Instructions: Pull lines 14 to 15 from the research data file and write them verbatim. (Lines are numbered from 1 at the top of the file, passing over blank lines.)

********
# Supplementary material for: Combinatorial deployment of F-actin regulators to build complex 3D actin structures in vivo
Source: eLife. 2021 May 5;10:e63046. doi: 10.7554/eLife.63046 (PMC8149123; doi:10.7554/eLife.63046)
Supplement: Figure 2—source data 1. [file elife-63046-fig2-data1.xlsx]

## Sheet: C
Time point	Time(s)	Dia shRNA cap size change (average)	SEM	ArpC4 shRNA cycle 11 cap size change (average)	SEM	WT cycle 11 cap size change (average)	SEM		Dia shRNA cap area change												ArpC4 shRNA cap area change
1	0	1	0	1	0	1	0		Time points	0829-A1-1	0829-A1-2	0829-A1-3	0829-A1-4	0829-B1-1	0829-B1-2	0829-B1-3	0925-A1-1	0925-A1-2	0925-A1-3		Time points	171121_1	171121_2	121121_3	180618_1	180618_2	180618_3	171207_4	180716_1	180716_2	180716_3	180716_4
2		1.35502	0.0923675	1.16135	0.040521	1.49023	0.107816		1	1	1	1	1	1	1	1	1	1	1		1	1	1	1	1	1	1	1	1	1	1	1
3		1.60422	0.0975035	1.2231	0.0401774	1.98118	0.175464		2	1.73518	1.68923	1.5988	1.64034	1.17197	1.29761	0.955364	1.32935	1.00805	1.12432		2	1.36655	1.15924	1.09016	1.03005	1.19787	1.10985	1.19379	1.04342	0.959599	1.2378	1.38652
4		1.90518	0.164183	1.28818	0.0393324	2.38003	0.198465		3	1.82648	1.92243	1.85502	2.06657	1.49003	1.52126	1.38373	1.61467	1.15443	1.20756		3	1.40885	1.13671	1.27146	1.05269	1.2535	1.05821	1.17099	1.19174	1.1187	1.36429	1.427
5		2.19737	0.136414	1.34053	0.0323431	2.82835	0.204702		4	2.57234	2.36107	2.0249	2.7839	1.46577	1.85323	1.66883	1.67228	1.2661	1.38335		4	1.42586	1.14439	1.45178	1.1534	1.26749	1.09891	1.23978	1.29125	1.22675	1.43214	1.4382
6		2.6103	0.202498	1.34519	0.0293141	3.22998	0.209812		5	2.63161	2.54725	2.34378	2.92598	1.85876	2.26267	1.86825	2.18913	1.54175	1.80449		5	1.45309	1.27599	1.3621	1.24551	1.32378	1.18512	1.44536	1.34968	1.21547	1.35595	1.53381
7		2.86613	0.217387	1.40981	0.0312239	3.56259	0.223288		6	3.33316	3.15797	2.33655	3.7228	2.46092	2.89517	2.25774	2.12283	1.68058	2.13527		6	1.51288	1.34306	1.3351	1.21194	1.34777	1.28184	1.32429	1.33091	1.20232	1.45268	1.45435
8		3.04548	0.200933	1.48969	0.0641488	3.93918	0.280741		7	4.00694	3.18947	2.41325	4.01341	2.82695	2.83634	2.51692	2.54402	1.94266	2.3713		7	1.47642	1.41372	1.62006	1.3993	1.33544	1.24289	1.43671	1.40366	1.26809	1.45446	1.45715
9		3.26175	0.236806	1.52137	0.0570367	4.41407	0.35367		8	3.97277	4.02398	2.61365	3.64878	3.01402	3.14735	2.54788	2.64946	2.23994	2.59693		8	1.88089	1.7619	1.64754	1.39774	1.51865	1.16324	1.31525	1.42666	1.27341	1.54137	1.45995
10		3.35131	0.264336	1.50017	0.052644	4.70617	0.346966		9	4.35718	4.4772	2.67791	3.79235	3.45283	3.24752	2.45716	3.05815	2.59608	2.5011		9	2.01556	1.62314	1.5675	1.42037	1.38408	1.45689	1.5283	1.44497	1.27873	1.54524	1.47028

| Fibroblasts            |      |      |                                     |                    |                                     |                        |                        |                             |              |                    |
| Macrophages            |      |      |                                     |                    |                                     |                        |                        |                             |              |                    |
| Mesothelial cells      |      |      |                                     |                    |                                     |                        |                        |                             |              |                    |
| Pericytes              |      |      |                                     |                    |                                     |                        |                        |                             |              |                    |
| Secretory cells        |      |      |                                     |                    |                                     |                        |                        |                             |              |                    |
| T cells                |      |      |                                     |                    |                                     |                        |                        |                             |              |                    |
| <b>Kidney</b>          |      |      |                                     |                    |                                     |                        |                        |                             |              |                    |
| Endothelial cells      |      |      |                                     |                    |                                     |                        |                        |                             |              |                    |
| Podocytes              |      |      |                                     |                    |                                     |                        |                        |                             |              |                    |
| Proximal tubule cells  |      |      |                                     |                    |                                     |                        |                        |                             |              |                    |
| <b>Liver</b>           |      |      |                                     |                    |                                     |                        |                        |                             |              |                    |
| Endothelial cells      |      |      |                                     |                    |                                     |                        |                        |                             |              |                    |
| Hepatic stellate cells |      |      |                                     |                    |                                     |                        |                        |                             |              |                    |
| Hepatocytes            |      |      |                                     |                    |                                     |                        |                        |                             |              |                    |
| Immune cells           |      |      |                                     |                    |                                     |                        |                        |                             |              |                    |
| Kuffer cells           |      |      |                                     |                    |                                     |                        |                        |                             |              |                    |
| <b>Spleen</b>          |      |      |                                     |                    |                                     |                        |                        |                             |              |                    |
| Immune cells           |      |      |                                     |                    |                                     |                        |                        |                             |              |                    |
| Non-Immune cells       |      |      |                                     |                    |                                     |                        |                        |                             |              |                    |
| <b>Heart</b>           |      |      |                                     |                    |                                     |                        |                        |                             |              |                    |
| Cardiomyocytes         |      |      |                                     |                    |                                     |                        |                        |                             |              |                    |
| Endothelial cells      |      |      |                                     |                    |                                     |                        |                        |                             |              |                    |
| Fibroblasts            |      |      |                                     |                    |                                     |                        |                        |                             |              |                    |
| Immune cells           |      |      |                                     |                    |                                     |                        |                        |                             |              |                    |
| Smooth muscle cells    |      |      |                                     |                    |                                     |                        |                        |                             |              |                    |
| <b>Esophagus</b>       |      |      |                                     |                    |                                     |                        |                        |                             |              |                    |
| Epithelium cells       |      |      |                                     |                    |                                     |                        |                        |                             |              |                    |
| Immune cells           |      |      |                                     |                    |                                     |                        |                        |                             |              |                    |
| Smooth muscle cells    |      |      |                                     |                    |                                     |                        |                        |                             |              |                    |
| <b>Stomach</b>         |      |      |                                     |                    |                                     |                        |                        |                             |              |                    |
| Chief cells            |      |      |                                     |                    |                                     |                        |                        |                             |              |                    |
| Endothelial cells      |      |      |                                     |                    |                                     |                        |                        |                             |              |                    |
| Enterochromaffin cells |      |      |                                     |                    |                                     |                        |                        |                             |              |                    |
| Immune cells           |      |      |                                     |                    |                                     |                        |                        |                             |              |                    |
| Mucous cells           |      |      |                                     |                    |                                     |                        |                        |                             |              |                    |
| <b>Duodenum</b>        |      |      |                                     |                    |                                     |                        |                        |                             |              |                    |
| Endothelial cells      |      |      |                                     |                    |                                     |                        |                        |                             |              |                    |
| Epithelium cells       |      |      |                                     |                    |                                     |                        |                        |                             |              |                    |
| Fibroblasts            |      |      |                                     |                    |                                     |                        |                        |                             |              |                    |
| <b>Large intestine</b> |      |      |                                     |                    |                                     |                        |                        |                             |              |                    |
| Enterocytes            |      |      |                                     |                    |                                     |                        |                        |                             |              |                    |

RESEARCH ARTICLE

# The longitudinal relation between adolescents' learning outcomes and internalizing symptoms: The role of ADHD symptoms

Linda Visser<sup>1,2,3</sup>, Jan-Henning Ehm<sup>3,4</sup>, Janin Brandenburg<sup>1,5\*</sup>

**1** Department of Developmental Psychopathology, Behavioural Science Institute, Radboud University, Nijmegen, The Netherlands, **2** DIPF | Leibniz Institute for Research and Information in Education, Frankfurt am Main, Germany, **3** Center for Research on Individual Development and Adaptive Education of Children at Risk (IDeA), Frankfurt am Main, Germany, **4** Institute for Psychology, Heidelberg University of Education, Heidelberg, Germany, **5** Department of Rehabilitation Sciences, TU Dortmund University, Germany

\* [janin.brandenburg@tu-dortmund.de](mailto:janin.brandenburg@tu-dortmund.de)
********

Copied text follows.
9		3.26175	0.236806	1.52137	0.0570367	4.41407	0.35367		8	3.97277	4.02398	2.61365	3.64878	3.01402	3.14735	2.54788	2.64946	2.23994	2.59693		8	1.88089	1.7619	1.64754	1.39774	1.51865	1.16324	1.31525	1.42666	1.27341	1.54137	1.45995
10		3.35131	0.264336	1.50017	0.052644	4.70617	0.346966		9	4.35718	4.4772	2.67791	3.79235	3.45283	3.24752	2.45716	3.05815	2.59608	2.5011		9	2.01556	1.62314	1.5675	1.42037	1.38408	1.45689	1.5283	1.44497	1.27873	1.54524	1.47028